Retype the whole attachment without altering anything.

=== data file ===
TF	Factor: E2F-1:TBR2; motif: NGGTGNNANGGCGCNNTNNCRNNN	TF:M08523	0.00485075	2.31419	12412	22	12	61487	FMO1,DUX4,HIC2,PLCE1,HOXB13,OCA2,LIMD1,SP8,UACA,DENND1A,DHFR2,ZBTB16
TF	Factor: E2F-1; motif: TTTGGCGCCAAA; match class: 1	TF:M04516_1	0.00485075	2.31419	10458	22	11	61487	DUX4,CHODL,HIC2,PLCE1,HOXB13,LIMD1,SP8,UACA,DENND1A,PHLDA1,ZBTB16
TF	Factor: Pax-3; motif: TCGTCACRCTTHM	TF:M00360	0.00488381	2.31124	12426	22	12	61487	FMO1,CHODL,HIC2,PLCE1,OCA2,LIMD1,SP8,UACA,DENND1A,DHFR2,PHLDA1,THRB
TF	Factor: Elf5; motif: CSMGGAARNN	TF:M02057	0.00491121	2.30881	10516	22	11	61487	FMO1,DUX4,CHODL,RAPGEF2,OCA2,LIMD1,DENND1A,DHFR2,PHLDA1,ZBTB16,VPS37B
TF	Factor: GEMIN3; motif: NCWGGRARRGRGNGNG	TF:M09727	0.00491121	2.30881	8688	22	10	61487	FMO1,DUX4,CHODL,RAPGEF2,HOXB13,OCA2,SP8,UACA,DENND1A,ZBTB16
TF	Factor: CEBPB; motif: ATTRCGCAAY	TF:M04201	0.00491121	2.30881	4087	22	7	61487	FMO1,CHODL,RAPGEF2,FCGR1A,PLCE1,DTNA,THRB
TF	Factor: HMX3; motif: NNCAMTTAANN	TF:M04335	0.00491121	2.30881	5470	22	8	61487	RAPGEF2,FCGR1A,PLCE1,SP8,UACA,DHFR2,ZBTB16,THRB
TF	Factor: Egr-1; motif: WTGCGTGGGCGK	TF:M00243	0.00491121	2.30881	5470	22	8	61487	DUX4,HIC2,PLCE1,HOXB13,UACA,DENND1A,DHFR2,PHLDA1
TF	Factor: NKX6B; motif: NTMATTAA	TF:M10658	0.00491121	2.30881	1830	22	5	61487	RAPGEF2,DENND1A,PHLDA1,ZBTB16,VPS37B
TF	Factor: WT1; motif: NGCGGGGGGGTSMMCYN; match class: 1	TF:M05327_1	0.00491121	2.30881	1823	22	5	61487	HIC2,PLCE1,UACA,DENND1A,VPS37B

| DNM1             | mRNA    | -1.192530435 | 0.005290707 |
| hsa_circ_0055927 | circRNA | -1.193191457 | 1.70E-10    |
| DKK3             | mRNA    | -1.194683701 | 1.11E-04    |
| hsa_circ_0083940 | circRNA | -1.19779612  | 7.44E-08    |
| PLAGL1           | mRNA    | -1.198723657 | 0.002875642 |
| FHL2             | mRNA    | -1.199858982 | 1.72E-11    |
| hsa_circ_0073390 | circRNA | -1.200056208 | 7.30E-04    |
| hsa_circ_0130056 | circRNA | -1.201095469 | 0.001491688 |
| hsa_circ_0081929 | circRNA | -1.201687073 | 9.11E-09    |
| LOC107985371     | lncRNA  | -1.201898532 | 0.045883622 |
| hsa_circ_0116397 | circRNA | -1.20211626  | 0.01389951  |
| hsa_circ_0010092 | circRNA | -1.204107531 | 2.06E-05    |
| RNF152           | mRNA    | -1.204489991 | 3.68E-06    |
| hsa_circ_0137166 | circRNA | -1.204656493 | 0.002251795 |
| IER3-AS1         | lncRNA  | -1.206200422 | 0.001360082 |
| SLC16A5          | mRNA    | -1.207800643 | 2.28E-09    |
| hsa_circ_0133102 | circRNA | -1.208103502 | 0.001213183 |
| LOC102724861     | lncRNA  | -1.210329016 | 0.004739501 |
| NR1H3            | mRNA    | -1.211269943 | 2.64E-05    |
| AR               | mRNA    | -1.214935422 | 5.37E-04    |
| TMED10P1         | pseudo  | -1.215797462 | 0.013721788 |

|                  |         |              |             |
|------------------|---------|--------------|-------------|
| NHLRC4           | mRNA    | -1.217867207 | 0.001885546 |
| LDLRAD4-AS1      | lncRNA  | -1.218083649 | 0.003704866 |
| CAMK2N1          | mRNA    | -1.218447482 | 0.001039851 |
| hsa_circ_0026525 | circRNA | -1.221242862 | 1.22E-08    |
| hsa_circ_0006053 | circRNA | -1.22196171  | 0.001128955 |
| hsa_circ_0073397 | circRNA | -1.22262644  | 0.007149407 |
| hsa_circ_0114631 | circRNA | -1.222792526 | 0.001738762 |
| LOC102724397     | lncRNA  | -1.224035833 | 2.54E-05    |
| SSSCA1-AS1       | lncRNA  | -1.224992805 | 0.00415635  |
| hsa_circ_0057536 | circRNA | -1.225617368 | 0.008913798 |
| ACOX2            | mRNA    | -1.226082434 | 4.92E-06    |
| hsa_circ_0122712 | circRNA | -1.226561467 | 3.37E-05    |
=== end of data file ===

TF	Factor: E2F-1:TBR2; motif: NGGTGNNANGGCGCNNTNNCRNNN	TF:M08523	0.00485075	2.31419	12412	22	12	61487	FMO1,DUX4,HIC2,PLCE1,HOXB13,OCA2,LIMD1,SP8,UACA,DENND1A,DHFR2,ZBTB16
TF	Factor: E2F-1; motif: TTTGGCGCCAAA; match class: 1	TF:M04516_1	0.00485075	2.31419	10458	22	11	61487	DUX4,CHODL,HIC2,PLCE1,HOXB13,LIMD1,SP8,UACA,DENND1A,PHLDA1,ZBTB16
TF	Factor: Pax-3; motif: TCGTCACRCTTHM	TF:M00360	0.00488381	2.31124	12426	22	12	61487	FMO1,CHODL,HIC2,PLCE1,OCA2,LIMD1,SP8,UACA,DENND1A,DHFR2,PHLDA1,THRB
TF	Factor: Elf5; motif: CSMGGAARNN	TF:M02057	0.00491121	2.30881	10516	22	11	61487	FMO1,DUX4,CHODL,RAPGEF2,OCA2,LIMD1,DENND1A,DHFR2,PHLDA1,ZBTB16,VPS37B
TF	Factor: GEMIN3; motif: NCWGGRARRGRGNGNG	TF:M09727	0.00491121	2.30881	8688	22	10	61487	FMO1,DUX4,CHODL,RAPGEF2,HOXB13,OCA2,SP8,UACA,DENND1A,ZBTB16
TF	Factor: CEBPB; motif: ATTRCGCAAY	TF:M04201	0.00491121	2.30881	4087	22	7	61487	FMO1,CHODL,RAPGEF2,FCGR1A,PLCE1,DTNA,THRB
TF	Factor: HMX3; motif: NNCAMTTAANN	TF:M04335	0.00491121	2.30881	5470	22	8	61487	RAPGEF2,FCGR1A,PLCE1,SP8,UACA,DHFR2,ZBTB16,THRB
TF	Factor: Egr-1; motif: WTGCGTGGGCGK	TF:M00243	0.00491121	2.30881	5470	22	8	61487	DUX4,HIC2,PLCE1,HOXB13,UACA,DENND1A,DHFR2,PHLDA1
TF	Factor: NKX6B; motif: NTMATTAA	TF:M10658	0.00491121	2.30881	1830	22	5	61487	RAPGEF2,DENND1A,PHLDA1,ZBTB16,VPS37B
TF	Factor: WT1; motif: NGCGGGGGGGTSMMCYN; match class: 1	TF:M05327_1	0.00491121	2.30881	1823	22	5	61487	HIC2,PLCE1,UACA,DENND1A,VPS37B

| DNM1             | mRNA    | -1.192530435 | 0.005290707 |
| hsa_circ_0055927 | circRNA | -1.193191457 | 1.70E-10    |
| DKK3             | mRNA    | -1.194683701 | 1.11E-04    |
| hsa_circ_0083940 | circRNA | -1.19779612  | 7.44E-08    |
| PLAGL1           | mRNA    | -1.198723657 | 0.002875642 |
| FHL2             | mRNA    | -1.199858982 | 1.72E-11    |
| hsa_circ_0073390 | circRNA | -1.200056208 | 7.30E-04    |
| hsa_circ_0130056 | circRNA | -1.201095469 | 0.001491688 |
| hsa_circ_0081929 | circRNA | -1.201687073 | 9.11E-09    |
| LOC107985371     | lncRNA  | -1.201898532 | 0.045883622 |
| hsa_circ_0116397 | circRNA | -1.20211626  | 0.01389951  |
| hsa_circ_0010092 | circRNA | -1.204107531 | 2.06E-05    |
| RNF152           | mRNA    | -1.204489991 | 3.68E-06    |
| hsa_circ_0137166 | circRNA | -1.204656493 | 0.002251795 |
| IER3-AS1         | lncRNA  | -1.206200422 | 0.001360082 |
| SLC16A5          | mRNA    | -1.207800643 | 2.28E-09    |
| hsa_circ_0133102 | circRNA | -1.208103502 | 0.001213183 |
| LOC102724861     | lncRNA  | -1.210329016 | 0.004739501 |
| NR1H3            | mRNA    | -1.211269943 | 2.64E-05    |
| AR               | mRNA    | -1.214935422 | 5.37E-04    |
| TMED10P1         | pseudo  | -1.215797462 | 0.013721788 |

|                  |         |              |             |
|------------------|---------|--------------|-------------|
| NHLRC4           | mRNA    | -1.217867207 | 0.001885546 |
| LDLRAD4-AS1      | lncRNA  | -1.218083649 | 0.003704866 |
| CAMK2N1          | mRNA    | -1.218447482 | 0.001039851 |
| hsa_circ_0026525 | circRNA | -1.221242862 | 1.22E-08    |
| hsa_circ_0006053 | circRNA | -1.22196171  | 0.001128955 |
| hsa_circ_0073397 | circRNA | -1.22262644  | 0.007149407 |
| hsa_circ_0114631 | circRNA | -1.222792526 | 0.001738762 |
| LOC102724397     | lncRNA  | -1.224035833 | 2.54E-05    |
| SSSCA1-AS1       | lncRNA  | -1.224992805 | 0.00415635  |
| hsa_circ_0057536 | circRNA | -1.225617368 | 0.008913798 |
| ACOX2            | mRNA    | -1.226082434 | 4.92E-06    |
| hsa_circ_0122712 | circRNA | -1.226561467 | 3.37E-05    |